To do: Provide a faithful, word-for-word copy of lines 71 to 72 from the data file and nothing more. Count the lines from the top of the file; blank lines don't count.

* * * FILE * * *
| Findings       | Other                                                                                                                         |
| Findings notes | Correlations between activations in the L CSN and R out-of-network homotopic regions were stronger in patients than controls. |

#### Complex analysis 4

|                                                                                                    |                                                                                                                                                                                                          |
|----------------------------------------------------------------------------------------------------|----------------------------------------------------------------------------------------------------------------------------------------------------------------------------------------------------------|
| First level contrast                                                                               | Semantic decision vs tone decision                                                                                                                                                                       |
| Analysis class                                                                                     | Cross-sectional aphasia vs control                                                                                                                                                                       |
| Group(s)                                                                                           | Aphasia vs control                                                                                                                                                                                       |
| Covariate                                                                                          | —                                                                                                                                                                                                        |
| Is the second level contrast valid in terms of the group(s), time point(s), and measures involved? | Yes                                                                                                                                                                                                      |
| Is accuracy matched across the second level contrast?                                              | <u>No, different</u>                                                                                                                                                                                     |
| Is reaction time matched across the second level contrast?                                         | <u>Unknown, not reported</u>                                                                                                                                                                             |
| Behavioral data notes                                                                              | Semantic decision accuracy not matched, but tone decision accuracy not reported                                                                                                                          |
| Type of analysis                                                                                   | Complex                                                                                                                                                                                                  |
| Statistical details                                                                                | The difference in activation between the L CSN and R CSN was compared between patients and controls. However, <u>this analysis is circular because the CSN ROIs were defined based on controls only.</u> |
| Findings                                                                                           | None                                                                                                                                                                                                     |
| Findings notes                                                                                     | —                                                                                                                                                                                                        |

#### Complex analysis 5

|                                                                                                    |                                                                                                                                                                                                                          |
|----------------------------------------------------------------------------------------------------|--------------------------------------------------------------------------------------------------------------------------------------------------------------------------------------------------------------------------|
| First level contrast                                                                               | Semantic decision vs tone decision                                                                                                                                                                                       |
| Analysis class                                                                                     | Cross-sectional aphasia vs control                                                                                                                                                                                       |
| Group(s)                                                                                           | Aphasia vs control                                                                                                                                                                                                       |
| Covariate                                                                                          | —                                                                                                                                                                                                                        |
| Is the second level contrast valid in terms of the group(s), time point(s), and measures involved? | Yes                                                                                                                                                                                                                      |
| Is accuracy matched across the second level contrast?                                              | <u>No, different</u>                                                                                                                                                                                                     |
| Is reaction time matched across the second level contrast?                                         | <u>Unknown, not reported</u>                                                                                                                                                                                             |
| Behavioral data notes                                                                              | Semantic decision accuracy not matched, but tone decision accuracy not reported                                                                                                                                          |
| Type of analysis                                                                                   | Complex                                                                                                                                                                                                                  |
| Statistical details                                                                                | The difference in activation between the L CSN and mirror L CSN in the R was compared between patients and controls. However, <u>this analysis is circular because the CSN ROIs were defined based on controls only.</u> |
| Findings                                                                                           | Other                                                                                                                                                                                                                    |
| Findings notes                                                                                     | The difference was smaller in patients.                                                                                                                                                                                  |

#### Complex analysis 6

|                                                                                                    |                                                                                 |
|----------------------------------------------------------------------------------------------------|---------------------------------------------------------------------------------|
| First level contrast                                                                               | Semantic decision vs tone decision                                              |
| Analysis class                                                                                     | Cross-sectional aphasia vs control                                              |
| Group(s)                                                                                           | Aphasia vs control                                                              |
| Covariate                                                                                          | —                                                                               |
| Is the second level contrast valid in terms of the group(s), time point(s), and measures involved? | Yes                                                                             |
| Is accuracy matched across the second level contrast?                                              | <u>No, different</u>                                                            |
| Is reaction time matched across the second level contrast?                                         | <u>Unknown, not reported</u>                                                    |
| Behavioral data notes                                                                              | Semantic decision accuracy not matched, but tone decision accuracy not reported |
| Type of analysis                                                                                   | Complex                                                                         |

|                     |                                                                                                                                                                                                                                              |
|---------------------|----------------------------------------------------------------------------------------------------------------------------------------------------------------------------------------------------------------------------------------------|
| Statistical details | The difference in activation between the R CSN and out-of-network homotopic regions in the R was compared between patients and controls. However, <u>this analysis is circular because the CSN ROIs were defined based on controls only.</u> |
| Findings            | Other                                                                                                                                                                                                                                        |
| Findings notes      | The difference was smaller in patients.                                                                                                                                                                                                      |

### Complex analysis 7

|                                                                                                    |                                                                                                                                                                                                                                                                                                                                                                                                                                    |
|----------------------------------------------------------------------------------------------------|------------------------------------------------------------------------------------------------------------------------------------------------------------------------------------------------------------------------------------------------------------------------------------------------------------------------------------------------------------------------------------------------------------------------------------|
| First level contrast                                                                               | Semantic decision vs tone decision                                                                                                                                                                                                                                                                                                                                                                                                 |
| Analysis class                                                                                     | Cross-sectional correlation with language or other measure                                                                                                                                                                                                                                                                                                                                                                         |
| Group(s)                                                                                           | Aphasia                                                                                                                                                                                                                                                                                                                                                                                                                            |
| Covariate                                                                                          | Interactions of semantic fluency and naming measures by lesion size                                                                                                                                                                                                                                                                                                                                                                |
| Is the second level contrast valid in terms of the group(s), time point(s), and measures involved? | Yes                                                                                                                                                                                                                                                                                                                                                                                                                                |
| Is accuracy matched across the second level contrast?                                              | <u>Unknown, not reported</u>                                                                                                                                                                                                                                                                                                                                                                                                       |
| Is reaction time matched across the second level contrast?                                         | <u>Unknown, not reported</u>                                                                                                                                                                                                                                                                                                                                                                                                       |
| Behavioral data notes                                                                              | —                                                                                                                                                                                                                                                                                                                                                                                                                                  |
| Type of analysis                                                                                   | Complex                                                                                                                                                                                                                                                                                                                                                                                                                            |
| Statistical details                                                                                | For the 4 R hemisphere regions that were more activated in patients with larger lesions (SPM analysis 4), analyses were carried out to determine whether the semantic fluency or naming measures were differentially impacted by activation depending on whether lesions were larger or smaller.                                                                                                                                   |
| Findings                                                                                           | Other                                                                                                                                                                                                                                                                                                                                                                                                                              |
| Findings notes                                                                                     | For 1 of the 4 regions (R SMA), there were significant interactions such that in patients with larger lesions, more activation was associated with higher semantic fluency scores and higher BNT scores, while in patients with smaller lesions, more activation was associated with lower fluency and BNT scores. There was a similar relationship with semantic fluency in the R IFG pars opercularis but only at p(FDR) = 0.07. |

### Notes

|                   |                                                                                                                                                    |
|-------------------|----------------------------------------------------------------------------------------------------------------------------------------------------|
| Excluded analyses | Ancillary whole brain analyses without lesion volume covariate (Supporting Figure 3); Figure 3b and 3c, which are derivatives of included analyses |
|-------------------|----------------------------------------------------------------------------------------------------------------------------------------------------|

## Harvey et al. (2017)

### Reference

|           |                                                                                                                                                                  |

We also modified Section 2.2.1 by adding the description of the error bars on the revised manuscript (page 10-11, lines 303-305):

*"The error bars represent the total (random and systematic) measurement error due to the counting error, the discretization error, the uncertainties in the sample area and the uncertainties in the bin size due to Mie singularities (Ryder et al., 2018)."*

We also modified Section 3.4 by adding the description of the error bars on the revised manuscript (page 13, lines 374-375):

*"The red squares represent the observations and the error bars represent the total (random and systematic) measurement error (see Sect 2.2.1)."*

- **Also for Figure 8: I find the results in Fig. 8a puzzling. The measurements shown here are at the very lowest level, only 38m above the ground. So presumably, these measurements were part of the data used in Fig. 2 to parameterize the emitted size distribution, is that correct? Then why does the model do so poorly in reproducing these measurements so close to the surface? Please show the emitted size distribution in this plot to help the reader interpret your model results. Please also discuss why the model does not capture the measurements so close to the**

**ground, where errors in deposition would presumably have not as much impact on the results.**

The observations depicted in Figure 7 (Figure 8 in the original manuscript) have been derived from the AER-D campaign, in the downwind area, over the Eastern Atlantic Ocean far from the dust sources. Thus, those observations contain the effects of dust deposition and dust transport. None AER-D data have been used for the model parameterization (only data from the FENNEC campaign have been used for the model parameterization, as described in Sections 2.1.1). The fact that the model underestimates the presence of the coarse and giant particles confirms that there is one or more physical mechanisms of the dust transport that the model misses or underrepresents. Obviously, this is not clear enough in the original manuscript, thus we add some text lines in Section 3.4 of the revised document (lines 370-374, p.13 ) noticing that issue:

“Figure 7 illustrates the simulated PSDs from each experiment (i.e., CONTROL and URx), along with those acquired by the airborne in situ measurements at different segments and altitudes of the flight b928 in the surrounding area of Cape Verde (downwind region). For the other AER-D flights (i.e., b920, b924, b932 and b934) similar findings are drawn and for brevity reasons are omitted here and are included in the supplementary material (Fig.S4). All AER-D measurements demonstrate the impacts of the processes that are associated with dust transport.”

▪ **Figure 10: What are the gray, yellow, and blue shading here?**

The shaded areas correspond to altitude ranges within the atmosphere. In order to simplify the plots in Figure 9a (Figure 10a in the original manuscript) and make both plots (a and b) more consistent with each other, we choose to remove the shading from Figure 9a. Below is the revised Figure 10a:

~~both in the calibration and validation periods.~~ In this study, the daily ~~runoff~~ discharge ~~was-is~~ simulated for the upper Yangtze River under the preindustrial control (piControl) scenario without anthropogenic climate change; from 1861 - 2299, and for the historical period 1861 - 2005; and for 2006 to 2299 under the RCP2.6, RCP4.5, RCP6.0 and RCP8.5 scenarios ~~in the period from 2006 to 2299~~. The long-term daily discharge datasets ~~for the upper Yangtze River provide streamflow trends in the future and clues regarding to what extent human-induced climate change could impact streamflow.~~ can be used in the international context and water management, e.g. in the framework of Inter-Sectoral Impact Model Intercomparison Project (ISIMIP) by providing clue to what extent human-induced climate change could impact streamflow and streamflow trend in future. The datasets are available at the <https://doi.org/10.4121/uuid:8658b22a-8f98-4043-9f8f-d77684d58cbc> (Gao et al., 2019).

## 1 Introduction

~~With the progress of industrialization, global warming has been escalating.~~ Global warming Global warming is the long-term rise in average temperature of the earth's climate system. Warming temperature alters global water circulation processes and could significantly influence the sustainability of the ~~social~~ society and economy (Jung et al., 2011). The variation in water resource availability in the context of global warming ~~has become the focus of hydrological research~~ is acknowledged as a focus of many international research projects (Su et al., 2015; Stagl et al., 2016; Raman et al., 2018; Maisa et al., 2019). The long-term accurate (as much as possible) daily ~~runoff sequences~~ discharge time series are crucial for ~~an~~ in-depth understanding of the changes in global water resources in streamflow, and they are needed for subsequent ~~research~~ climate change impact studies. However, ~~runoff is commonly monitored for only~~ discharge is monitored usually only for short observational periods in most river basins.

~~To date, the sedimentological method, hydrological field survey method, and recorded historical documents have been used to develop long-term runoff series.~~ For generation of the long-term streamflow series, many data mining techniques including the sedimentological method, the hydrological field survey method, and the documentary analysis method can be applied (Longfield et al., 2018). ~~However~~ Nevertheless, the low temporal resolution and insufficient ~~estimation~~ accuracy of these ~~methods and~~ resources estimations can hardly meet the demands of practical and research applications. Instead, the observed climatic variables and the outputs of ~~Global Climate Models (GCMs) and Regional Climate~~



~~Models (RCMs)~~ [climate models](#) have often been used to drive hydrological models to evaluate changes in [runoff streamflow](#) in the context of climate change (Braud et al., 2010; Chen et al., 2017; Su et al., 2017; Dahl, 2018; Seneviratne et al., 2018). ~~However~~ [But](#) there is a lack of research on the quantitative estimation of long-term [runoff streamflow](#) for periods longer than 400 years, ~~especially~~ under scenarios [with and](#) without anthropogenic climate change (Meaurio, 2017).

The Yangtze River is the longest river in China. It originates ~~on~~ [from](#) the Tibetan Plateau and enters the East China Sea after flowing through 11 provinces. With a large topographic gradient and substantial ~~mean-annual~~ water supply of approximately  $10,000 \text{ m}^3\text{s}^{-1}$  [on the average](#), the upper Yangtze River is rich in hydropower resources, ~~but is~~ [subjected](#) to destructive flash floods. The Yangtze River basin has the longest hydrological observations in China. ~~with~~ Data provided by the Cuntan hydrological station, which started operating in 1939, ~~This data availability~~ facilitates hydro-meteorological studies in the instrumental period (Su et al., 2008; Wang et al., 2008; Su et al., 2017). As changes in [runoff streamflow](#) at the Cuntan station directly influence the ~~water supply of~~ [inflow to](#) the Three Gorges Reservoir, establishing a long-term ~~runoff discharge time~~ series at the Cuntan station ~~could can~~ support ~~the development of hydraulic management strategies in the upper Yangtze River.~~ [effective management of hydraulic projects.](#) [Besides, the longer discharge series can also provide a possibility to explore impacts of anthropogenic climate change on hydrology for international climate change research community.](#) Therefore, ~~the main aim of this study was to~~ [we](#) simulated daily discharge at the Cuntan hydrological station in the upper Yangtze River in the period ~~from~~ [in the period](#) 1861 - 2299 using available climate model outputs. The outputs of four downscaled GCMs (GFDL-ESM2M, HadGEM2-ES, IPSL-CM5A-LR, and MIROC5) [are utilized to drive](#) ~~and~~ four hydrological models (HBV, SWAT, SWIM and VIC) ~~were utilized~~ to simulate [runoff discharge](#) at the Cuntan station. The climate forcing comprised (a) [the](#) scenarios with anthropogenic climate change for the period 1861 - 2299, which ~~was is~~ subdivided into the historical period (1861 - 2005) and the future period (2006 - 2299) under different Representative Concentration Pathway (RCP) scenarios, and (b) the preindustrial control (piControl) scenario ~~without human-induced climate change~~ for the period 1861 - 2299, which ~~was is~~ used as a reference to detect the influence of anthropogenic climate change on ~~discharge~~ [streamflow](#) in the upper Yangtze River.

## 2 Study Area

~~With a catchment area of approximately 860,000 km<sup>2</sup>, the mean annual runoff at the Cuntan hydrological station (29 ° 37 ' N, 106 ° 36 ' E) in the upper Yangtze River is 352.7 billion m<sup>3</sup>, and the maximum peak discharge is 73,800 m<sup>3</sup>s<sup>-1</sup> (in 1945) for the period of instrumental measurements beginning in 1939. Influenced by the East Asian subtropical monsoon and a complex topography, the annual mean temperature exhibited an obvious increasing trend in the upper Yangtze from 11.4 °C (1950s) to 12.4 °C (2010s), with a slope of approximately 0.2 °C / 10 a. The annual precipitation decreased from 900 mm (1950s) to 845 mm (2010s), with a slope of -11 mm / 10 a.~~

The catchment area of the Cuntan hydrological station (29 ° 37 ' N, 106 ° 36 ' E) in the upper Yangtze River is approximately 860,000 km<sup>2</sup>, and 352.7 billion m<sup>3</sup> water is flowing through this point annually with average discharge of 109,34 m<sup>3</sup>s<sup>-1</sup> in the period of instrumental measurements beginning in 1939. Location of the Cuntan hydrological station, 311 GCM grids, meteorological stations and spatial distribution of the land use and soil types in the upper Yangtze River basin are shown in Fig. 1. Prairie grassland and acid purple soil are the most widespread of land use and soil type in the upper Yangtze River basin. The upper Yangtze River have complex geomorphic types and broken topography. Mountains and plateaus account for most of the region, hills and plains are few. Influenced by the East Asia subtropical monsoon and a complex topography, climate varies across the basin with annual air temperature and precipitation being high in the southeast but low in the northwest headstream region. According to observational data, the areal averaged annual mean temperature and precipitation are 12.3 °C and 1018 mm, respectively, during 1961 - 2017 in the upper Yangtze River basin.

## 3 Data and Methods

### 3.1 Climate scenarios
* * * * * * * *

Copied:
### Reference

|           |                                                                                                                                                                  |